In my opinion there are two different types of audiences for comedies: those who like Seth Rogen movies, and those who like Zac Efron movies. With one lining up to see a bunch of men in their 30s smoking weed and spitting out one-liners typically involving sex or drugs, and the other expecting a more family-safe romantic comedy or musical, you would not think there is a big overlap in the Rogen-Efron Venn diagram. And frankly, making a film that would please both audiences may be impossible. But those two big names star in a new comedy called “Neighbors,” in theaters now.
Although Rogen was not involved in writing this screenplay, the writers, Andrew Cohen and Brandan O’Brien, are in Rogen’s close circle of Hollywood friends and share his brand of humor. “Neighbors” will definitely satisfy Rogen’s crowd, as it is filled with drug-related jokes, movie references, sexual references and clever one-liners. It induces nonstop laughter, but I cannot see Efron followers digging it as much as I did. However, there are plenty of scenes with him shirtless, which might be what his audience is most interested in.
In “Neighbors,” Efron loses the nice-guy persona to convincingly play Teddy, a jerk of a college student who takes his job as fraternity president a little too far. Surrounded by his brothers and pledges, he’s joined by Dave Franco, Christopher Mintz-Plasse and Jerrod Carmichael. They are Delta Psi Beta, the wildest frat on campus, and after burning their old house down, they have just moved next door to a married couple with a newborn, played by Rogen and Rose Byrne. At first, the couple sees the frat as a way to reconnect with their fun party side, before they became boring parents. After an all-night rager that keeps the baby up and ends with a 911 noise complaint, the two houses go to war.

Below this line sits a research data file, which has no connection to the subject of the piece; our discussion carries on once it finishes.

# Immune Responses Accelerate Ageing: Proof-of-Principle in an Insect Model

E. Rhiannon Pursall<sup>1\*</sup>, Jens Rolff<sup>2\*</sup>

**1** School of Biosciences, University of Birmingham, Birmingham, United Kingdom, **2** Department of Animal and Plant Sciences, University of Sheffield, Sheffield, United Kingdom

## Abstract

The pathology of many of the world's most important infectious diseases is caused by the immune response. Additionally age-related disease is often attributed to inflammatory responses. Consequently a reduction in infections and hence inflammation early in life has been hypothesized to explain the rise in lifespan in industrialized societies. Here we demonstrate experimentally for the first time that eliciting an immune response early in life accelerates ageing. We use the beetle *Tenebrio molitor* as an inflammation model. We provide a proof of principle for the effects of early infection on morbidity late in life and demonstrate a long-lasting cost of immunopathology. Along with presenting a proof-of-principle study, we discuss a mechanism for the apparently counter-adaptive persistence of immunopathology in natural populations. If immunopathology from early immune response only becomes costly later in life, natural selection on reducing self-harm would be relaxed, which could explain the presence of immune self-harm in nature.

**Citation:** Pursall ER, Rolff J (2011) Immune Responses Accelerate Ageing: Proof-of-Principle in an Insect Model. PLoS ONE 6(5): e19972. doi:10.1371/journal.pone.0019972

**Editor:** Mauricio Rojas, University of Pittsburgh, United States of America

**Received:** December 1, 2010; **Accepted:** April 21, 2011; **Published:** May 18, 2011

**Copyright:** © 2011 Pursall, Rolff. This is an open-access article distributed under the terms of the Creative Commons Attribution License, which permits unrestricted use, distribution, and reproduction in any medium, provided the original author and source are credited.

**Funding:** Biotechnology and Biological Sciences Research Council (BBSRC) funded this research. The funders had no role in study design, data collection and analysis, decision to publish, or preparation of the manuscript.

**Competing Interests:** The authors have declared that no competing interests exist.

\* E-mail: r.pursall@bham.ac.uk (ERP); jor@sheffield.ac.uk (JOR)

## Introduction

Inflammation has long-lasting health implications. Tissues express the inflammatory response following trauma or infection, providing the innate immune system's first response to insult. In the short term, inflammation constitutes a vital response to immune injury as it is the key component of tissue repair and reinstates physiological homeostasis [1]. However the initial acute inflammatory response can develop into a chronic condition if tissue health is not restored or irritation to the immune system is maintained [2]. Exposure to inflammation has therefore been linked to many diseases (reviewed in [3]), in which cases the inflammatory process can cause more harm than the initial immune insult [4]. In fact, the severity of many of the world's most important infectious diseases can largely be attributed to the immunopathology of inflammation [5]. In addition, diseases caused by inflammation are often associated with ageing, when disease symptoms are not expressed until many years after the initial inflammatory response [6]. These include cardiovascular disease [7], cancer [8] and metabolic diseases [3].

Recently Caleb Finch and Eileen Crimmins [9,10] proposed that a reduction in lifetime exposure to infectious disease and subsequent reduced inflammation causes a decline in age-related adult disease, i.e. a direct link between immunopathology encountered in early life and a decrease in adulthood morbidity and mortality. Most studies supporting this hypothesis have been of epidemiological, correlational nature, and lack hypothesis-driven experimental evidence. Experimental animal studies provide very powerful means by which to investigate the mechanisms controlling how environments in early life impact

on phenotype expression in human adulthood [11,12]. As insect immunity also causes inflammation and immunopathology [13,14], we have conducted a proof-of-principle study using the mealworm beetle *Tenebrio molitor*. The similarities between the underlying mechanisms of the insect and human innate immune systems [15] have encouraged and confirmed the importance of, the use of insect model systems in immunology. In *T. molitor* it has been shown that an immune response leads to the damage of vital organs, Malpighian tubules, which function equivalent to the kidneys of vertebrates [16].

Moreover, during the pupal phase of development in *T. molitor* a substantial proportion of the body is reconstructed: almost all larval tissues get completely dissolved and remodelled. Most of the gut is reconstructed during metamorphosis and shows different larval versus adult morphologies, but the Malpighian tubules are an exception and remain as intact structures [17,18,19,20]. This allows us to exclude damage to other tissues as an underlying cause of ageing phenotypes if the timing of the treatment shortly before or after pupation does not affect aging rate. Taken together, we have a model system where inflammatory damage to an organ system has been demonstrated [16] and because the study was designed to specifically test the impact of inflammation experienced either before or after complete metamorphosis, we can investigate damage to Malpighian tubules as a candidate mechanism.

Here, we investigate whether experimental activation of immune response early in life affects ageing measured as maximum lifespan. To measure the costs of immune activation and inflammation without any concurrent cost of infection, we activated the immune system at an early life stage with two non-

Their back-and-forth feuding drives the rest of the film but never gets too repetitive. With antic after hilarious antic, Rogen and Byrne try getting rid of Delta Psi first with reason, confronting the school’s dean, a funny Lisa Kudrow. Next they try force, using the “bros before hoes” motto to tear the brothers apart. Rogen’s coworker and friend, played by Ike Barinholtz, even helps them to spy into the house. Before too long, the college kids seem more mature than the adults.
What is surprising is that most of the films’ raunchy humor comes from Rogen and Byrne and not the frat boys. In one pushing-the-boundaries scene, Byrne’s breast pump breaks and Rogen has to milk his wife. Don’t let this imply this is one of those comedies that “hates women.” In fact, Byrne’s stay-at-home mom character is one of the funniest and strongest female characters of any Rogen project.
At the core of every Rogen film, under all the crude humor typically lies a sweet and honest moral about friendship or love. There is a touching subplot involving Efron and Franco’s characters, whose friendship ends similarly to Michael Cera and Jonah Hill’s goodbye at the end of “Superbad.”
We learn that their clashing with the frat is just the couple’s way of distracting themselves from problems within their marriage, a reoccurring device in Rogen movies. Like in “The 40-Year-Old Virgin,” Steve Carell’s goal to finally have sex is just a distraction from his love story with Catherine Keener. Or in “Zack and Miri Make a Porno,” the making of the porno is just a way for Rogen and Elizabeth Banks to realize they love each other. In the end, “Neighbors” is actually a film about a couple learning to stick together, through good times and bad.